Writing in the margins of books can reveal readers’ feelings and reactions.

When University of South Carolina Curator of Rare Books and Special Collections Jeanne Britton flips through the pages of a book, she’s not just deciding whether to read it. She looks for marginalia. Marginalia are the notes and comments (and occasionally drawings) that readers sometimes write in the margins of books they are reading in response to the text.

Britton said that while the study of marginalia is fairly new among English scholars, marginalia itself is centuries old. “In the Middle Ages, people wrote notes in the margins of the books they read. The term marginalia contains small illustrations. Things like the stars and the lines that we often leave in our books today.

“What people left behind in the Middle Ages, which I find really charming, are very detailed hand-drawn pointing fingers called manicles. It’s like they’re signaling, “Don’t forget that!” It’s like a medieval version of a highlighter.”

While only a small but growing number of scholars typically study marginalia, the practice has increased among some students, too, Britton said.

“Students are definitely interested – interested in seeing examples of marginalia. Because it is proof that the text at hand really meant something to another reader. And it also creates that odd emotional experience where, depending on the content of the side notes, you can feel like you’re overhearing someone’s very private conversation or hidden thoughts about something.”

One of Britton’s former students, Savannah Simpson, made an interesting discovery while researching books at USC’s Thomas Cooper Library.

“Some of our class is literally just digging through the library looking for books with marginalia in them,” she said. “And I had a book by Dr. Patterson Wardlaw and then my friend had found a Patterson Wardlaw book and then we were like, ‘oh, these aren’t just two separate books, this is a whole collection that was actually donated. ”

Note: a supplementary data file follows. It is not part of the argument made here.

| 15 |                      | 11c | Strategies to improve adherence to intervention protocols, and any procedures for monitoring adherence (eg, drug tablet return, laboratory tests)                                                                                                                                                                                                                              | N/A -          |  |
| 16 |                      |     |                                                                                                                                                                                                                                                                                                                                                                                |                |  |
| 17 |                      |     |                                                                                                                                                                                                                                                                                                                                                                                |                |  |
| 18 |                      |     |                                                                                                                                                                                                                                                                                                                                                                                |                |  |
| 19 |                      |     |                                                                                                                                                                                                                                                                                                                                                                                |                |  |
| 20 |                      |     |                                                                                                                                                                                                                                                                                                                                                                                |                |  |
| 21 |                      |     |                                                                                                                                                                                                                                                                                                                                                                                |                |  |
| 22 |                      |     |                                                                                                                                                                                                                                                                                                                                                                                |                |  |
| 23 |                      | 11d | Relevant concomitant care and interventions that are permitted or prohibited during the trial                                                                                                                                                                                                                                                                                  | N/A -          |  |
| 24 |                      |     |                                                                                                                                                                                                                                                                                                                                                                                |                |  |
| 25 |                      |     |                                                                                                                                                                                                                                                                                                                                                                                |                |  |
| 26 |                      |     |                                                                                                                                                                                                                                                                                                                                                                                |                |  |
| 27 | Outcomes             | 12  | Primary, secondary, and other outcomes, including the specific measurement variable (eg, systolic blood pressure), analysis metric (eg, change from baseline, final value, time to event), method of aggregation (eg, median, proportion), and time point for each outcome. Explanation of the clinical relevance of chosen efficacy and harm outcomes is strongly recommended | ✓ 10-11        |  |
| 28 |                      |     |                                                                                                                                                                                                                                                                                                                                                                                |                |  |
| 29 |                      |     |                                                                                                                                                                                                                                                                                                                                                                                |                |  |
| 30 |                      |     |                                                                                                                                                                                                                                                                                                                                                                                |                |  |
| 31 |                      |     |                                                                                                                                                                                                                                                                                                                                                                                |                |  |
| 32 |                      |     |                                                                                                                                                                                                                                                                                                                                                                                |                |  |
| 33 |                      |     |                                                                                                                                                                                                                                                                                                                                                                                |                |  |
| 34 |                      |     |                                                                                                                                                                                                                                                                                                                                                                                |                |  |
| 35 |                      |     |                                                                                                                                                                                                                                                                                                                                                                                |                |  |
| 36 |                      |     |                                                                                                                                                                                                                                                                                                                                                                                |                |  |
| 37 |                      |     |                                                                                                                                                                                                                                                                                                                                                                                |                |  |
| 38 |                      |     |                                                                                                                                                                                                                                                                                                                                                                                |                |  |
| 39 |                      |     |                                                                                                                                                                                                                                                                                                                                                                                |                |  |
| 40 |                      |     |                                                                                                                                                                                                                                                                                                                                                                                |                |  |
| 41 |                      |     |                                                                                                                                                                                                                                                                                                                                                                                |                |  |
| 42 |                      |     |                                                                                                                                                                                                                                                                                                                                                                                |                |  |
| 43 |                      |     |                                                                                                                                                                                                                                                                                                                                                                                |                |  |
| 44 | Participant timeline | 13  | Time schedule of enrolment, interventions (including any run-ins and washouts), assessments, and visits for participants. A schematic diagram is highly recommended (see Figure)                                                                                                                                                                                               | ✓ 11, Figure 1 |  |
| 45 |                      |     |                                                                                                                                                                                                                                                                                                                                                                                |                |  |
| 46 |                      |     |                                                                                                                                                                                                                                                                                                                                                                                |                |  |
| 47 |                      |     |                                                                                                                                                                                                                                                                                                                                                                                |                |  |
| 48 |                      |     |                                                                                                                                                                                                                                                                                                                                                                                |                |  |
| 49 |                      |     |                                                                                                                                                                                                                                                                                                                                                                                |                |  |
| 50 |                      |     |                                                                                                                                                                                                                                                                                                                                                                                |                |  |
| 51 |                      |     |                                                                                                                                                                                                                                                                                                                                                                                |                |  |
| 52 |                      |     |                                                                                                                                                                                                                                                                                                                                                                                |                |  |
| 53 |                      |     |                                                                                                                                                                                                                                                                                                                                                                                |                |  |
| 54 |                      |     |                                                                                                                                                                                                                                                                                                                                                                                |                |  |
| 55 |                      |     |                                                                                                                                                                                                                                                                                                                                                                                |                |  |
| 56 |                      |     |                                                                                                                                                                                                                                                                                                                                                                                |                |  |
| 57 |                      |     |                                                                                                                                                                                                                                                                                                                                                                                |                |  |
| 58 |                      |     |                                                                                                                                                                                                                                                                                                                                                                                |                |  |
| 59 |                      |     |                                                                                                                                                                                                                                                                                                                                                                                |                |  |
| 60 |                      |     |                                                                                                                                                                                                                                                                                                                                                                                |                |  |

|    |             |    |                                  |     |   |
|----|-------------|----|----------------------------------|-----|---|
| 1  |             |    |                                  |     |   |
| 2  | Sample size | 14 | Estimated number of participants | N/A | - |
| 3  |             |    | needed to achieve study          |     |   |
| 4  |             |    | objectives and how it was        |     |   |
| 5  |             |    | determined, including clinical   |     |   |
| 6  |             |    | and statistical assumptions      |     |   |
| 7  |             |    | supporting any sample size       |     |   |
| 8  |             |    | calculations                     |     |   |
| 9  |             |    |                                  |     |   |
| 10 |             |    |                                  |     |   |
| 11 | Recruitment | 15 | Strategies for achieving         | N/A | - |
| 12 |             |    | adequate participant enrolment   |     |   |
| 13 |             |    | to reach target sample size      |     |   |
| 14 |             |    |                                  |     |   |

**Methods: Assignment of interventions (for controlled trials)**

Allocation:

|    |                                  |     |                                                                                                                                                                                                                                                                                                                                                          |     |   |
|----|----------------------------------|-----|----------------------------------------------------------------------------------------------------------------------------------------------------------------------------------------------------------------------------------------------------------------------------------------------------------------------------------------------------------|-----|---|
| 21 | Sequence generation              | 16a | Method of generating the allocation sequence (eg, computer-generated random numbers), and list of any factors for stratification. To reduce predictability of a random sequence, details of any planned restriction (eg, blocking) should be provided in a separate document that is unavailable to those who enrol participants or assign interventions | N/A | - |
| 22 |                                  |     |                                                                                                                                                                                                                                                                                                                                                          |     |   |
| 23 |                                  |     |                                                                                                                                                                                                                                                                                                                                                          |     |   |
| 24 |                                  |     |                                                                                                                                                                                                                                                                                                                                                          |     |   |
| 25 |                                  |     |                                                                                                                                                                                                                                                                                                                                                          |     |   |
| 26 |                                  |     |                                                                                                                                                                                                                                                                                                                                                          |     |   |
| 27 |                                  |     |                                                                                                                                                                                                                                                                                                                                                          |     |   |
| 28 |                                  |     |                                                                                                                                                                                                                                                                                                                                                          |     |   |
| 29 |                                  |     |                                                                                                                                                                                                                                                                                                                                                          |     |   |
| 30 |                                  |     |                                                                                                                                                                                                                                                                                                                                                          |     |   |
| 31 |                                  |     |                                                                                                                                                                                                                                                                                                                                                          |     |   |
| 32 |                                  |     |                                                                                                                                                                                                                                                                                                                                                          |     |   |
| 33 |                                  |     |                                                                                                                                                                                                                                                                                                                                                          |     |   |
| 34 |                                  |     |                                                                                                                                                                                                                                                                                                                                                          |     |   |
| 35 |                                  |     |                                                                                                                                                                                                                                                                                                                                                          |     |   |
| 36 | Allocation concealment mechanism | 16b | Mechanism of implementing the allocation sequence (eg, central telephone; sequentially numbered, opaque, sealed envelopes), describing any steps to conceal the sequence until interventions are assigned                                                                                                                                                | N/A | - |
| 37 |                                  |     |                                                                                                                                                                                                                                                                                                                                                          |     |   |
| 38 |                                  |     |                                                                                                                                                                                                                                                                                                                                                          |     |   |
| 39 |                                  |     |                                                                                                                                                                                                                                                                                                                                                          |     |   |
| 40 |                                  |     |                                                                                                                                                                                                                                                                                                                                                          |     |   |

Further research revealed that Simpson happened to be related to Wardlaw, who gave his name to the building that houses the university’s education department. And the marginalia also revealed something of his personality.

“It definitely underscored his passion for students,” said Simpsonon. “I knew he was a teacher. He was part of the early public education system and created it. But it showed that he was not only trying to drive this great movement and create a system that worked for everyone, but that he really cared about the development and education of the students.”

In a book Britton has reviewed, she made another important connection – with the namesake of the library where she works.

“It contains extensive marginalia from none other than Thomas Cooper, former President of USC, and someone who was a well-known thinker and scientist whose written letters, written correspondence, do not exist. It was lost in a fire,” she said. “So these marginalia are an important example of how major historical figures – certainly a major historical figure for South Carolina – thought about one of the areas in which he specialized.

“What made it really interesting,” Britton continued, “is that at the end of this volume he drew his own inventions, which are improvements over what’s in the book! That, in addition to its own extensive commentary, makes this book a more valuable book for having been awarded.”

Britton said famous writers created marginalia, including poets Robert Burns and Samuel Taylor Coleridge, and Mary Shelley, author of Frankenstein.

“There is a very important edition of Frankenstein in which Mary Shelley either writes changes that she wants to make or changes that have been made,” the curator explained. “The third edition has been significantly revised in essential points. She looks at the first version of ‘Frankenstein’ and says, ‘Ah, I want to change that, I want to change that.'”

Through marginalia, a reader can sometimes almost disagree, agree, disagree, or comment on the author. Coleridge himself did this, according to Britton.

“Coleridge definitely thought of marginalia as a way of engaging with the author of the book. He wrote about how, while reading a certain book, he would say, “No, no! that is not right!’ But then: ‘Oh, I see what you’re getting at.’ And so he wrote about the imaginary conversation, the dialogue he had with the author, in the margin of his copy.”

Both Britton and Simpson said electronic books could reduce the amount of marginalia produced in the future. Fortunately, however, the rich Motherlode has yet to be mined past researchers can provide information for many years to come.

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